Recent scientific highlights in animal welfare

Dr. Sneddon’s group is embracing new tools to better understand how fish experience pain. “My group has developed artificial intelligence [AI] monitoring software tools for accurately gauging welfare and pain in laboratory zebrafish.” The software is powerful enough “to identify effective analgesia to reduce pain during routine laboratory procedures” and has even led to the development of “clear criteria to assess pain by the tank side.”

The plan is to broaden the use of the behavioural tracking and AI software to other species by using it to track recovery from surgical and invasive procedures and determine not only “what drug, at what dose prevents responses to these potentially painful treatments” but also to “explore whether these drugs confound data collection,” a particularly relevant issue to experimental biologists concerned about the potential confounding factor of analgesics on their data.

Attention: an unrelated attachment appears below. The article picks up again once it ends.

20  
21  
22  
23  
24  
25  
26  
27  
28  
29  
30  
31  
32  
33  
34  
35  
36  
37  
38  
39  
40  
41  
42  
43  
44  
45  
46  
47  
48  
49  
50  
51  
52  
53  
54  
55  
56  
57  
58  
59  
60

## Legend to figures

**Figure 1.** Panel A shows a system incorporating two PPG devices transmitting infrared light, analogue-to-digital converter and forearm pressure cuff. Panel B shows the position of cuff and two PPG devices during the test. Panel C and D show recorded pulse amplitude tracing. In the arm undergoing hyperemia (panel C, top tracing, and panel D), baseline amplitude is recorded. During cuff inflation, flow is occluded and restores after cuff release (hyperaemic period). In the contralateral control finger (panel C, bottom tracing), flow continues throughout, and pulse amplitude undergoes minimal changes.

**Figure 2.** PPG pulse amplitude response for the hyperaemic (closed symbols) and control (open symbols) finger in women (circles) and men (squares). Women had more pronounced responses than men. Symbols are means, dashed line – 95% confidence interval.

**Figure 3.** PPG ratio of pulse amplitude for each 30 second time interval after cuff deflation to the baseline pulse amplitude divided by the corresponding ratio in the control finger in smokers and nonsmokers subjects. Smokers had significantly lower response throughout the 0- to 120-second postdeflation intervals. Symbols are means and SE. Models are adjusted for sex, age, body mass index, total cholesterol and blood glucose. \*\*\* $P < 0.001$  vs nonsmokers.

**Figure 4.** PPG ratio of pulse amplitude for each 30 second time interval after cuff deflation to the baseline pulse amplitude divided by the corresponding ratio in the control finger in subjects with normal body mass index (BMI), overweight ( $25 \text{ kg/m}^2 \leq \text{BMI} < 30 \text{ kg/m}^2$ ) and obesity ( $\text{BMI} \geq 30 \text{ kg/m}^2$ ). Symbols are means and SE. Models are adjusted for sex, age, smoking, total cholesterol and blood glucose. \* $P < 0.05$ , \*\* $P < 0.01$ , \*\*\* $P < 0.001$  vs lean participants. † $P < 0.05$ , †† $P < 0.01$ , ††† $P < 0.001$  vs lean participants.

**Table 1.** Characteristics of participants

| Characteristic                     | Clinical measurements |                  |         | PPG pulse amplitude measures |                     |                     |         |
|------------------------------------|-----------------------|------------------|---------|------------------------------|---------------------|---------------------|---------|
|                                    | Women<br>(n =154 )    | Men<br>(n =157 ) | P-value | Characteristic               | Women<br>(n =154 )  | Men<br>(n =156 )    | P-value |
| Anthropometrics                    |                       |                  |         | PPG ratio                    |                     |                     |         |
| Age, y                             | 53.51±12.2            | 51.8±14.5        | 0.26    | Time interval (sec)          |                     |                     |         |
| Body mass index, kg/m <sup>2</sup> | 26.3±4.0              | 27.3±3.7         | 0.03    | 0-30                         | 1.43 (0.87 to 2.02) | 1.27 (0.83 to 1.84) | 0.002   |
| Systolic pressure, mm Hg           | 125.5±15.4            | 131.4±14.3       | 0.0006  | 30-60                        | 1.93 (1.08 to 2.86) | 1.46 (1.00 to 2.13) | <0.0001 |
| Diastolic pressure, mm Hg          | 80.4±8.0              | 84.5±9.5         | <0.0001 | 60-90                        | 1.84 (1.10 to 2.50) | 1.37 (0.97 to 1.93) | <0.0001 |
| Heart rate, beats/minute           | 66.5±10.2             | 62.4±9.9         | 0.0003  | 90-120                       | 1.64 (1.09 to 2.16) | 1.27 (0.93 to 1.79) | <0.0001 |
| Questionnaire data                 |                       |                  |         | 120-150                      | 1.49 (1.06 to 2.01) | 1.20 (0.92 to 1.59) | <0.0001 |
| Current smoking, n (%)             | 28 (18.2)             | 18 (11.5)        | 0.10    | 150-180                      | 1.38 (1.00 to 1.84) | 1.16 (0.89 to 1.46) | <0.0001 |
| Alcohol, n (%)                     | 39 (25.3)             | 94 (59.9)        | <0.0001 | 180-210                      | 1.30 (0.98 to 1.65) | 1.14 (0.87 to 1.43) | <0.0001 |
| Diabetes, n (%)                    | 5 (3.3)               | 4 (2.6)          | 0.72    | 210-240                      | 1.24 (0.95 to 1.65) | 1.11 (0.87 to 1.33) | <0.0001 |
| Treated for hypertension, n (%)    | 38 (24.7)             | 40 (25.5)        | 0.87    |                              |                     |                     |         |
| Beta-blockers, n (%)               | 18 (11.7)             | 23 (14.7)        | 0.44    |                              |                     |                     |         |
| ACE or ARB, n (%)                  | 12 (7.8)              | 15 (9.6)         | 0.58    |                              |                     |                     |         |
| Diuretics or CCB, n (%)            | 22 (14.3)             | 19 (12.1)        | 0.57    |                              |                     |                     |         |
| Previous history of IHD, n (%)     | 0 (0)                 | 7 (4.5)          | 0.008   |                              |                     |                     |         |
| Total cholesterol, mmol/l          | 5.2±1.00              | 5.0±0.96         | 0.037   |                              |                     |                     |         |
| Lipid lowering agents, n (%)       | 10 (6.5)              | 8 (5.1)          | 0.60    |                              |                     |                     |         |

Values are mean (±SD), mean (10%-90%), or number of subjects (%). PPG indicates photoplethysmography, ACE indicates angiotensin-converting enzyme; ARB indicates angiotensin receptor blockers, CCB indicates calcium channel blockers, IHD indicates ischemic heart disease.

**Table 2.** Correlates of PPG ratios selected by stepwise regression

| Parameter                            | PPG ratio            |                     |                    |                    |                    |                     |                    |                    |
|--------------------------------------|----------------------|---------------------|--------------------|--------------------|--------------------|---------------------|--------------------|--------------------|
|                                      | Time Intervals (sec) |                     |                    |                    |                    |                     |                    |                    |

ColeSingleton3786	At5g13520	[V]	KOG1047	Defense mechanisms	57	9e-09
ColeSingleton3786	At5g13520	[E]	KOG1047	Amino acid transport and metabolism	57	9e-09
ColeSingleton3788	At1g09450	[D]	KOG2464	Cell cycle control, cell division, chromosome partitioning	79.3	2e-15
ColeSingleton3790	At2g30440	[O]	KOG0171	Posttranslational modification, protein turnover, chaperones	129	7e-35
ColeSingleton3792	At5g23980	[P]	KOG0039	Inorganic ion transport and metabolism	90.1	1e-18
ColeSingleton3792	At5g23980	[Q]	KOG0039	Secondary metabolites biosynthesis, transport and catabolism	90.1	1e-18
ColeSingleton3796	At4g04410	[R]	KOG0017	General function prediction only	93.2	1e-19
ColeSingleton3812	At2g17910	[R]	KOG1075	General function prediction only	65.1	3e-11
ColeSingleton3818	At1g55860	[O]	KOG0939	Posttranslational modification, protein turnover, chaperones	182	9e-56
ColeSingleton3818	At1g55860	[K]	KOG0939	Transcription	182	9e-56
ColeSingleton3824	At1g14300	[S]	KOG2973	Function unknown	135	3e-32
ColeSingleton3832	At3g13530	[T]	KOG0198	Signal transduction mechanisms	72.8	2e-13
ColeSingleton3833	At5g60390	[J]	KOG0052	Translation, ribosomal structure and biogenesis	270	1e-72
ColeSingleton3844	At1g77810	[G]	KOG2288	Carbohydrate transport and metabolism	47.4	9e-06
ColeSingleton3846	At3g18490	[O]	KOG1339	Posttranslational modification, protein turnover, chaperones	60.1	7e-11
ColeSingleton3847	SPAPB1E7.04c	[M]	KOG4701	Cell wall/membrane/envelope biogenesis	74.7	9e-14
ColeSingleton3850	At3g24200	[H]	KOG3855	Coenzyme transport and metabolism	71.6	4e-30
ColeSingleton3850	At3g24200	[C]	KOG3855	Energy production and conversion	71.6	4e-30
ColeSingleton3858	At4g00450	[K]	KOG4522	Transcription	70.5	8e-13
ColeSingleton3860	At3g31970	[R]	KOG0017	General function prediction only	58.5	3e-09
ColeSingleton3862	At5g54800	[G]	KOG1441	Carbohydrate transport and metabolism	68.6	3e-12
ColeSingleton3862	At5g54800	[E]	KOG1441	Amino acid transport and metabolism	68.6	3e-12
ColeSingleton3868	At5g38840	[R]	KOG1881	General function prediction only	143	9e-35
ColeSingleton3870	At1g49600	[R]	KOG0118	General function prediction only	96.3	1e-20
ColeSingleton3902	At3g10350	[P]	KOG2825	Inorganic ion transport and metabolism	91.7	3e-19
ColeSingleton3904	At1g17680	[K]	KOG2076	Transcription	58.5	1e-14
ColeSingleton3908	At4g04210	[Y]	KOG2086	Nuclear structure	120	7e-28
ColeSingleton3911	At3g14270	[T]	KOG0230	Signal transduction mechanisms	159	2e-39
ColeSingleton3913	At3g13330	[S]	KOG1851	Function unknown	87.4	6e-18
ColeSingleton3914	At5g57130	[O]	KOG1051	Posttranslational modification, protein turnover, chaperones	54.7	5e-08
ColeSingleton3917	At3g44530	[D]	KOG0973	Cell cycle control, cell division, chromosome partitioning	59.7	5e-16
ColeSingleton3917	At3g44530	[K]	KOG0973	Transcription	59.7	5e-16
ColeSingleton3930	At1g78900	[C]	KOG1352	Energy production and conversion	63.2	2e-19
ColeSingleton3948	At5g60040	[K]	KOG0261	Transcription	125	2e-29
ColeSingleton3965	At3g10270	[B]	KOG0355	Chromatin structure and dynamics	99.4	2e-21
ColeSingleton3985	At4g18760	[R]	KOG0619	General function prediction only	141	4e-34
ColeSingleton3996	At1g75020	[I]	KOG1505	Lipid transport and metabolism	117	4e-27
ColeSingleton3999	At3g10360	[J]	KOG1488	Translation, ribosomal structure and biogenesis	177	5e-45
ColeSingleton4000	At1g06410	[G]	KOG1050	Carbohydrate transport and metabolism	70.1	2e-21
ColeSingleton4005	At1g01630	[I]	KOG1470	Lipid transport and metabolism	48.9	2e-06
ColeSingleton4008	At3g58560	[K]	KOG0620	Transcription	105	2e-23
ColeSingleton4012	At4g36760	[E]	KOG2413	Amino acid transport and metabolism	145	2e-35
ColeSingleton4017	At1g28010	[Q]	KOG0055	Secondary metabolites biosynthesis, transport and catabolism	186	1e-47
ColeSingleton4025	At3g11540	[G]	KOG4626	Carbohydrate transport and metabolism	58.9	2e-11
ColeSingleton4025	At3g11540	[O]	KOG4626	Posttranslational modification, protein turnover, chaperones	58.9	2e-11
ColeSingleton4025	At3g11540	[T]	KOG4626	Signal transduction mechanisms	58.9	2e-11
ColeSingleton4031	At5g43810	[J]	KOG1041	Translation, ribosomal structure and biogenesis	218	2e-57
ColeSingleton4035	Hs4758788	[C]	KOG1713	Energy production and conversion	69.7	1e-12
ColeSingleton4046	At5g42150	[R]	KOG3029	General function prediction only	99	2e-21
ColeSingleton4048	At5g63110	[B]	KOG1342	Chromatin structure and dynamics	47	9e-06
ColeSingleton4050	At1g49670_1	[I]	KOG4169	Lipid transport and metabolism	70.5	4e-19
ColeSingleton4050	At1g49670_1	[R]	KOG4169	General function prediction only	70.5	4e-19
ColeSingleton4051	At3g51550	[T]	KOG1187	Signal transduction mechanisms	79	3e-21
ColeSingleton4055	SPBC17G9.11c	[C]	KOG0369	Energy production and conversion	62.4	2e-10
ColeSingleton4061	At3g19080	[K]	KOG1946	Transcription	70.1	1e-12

Dr. Bury’s recent work also addresses a common technical issue in animal-based research. “Almost all in vitro toxicity studies are conduct with cells cultured under static condition. This is not the reality,” he notes. Like the animals that are composed of them, individual cells live in a dynamic environment due to changes in blood flow or, in the case of fish gills, the passage of water over their leading surface. Using a 3D printed chamber with custom inserts, Dr. Bury’s group cultured gill cells that experience water flow like they would in a living animal. “We found that the cells respond to fluid stress with an increase in expression of a mechanosensory channel and also are more sensitive to copper under flow compared to static conditions.” Not only are realistically housed cells physiologically different those grown following standard laboratory practice, but they respond to challenges like metal exposure differently too.